It’s a common mid-20th-century story — Brooklyn kid works hard and makes good (think any number of celebrities), making his mark in big cities across the country — and Ira Berkowitz is one of those stories.
By Denise Woodin
It’s a common mid-20th-century story — Brooklyn kid works hard and makes good (think any number of celebrities), making his mark in big cities across the country — and Ira Berkowitz is one of those stories. However, a successful career as an advertising executive was only Act I for Ira, who now divides his time between writing crime novels and assisting members at the Rye YMCA.
As part of the Member Services team behind the Rye Y’s front desk, Ira greets members and visitors, answers questions, and helps with program registration and any number of tasks to make the Y’s member experience a positive one. It’s the sunnier side of his retirement life; the other side takes him to the dark themes and places he explores in his crime novels. To date, Ira has published four novels in the Jackson Steeg Mystery series and is working on a fifth book that will be the first in a new series.
“I needed to get away from my computer and be with people,” Ira, 74, remarked about his decision to take a part-time job at the Y. “That was my selfish motivation, but there was a greater good involved too.”
Like many college students, Ira had no idea when he entered New York University in the late 1950s that his career path would take some early twists and turns. He started out as a pre-med student, but couldn’t get into medical school despite honor roll grades. After earning a graduate degree in history, he secured a scholarship for law school, but found that he hated it. “I had no idea what I was going to do,” he recalled.
Then he met Phyllis, who not only became his wife, but also pointed him toward a career by introducing him to her roommate’s brother, a “Mad Men” era partner at a major agency. Ira landed a job as a research assistant at Grey Advertising for $100 a week and before long started moving up the ladder. His first promotion took him and Phyllis — the couple married in 1967 — to Atlanta. Later, they would move to Dallas, and then New Orleans, where their daughter Robin was born. In the early 1970s, the Berkowitz family returned to the New York area and added another child with the birth of Daniel in 1972. They eventually settled in Ardsley, where Ira and Phyllis have lived for the past 37 years.
Operating at hyper-speed in the high-pressure world of advertising, Ira suffered a heart attack and underwent bypass surgery while still in his 40s. “Eight to ten years later,” he said, “I looked around and realized that everyone around me was about 10 years old. It was time to get out. So, I retired.” He had worked for several prestigious firms, including Doyle Dane Bernbach, Interpublic Group, and Ogilvy and Mather on accounts ranging from Volkswagen to American Express to Coca-Cola.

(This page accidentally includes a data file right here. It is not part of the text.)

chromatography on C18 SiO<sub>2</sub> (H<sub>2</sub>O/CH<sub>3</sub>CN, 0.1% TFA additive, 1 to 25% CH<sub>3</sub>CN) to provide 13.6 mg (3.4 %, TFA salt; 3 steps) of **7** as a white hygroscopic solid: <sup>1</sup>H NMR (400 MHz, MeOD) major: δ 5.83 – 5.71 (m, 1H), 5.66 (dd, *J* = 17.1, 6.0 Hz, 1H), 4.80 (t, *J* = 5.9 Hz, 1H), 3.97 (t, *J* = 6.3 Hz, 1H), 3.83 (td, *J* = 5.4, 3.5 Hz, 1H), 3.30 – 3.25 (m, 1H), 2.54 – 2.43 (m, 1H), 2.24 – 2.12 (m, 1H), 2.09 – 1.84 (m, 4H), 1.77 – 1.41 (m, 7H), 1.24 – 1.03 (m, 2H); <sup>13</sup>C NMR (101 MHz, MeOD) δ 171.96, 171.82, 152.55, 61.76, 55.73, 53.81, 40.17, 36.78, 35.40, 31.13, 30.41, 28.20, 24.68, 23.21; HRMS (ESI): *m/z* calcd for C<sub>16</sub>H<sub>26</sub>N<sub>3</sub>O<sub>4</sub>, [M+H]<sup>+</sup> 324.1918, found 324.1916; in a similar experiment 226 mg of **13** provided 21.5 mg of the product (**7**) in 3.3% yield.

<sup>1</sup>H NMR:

“I worked with some of the most brilliant, creative minds in the country,” he observed. “When I retired, my wife asked ‘What are you going to do now?’” Ira didn’t know how to answer. “I had offices and clients all over the country. I traveled. Everything came to an abrupt halt. I had no hobbies. Phyllis suggested that I write. The only fiction I’ve ever written was a marketing plan.”
“But I’ve always been an avid reader,” Ira continued. “I had no interest in going back to school so I started re-reading authors I liked to see how they did it. I wrote a book, not a very good one. And I got a lot of rejections.” Then, Ira saw a television commercial with a character named “Steeg” that caught his attention and Jackson Steeg was born. With encouragement from Phyllis and author Roberta Stillman, a member of the Berkowitz’s temple, he completed “Family Matters,” which won the Washington Irving Award for literary merit.
The working title of Ira’s latest novel is “Sorrow’s Road” and it tackles some of the same themes explored in the Jackson Steeg Mysteries, themes that make him angry or sad. “I tend to write about the people society should protect: children, the homeless.”
Asked how he ended up at the Rye Y, Ira explained that he had worked with Bill Guyre, another member of the Y’s Member Services team, at an Internet company for a brief time in the 1990s. When Bill landed a job at the Y, he told Ira about it. Sounding like the adman he once was, Ira noted, “I buy what they’re doing there. It’s terribly, terribly important.”
“My greatest career accomplishment was building up businesses, providing employment and a start for young people breaking into the field. That translates to the Y. You give a kid a chance, get him into a swim class or whatever it may be, it makes a difference. In this economy, it’s tough. I look at our scholarship program and it’s absolutely wonderful. We’re helping people who need help.”
In his role at the Y, Ira brings the lessons learned during decades of professional experience. “When I was starting out, I was very shy. But I’ve learned that you make a friend, then you make two friends. And you start building relationships. I enjoy building those relationships at the Y and making the member experience pleasant.”
The author is Director of Community Impact and Social Responsibility, Rye YMCA.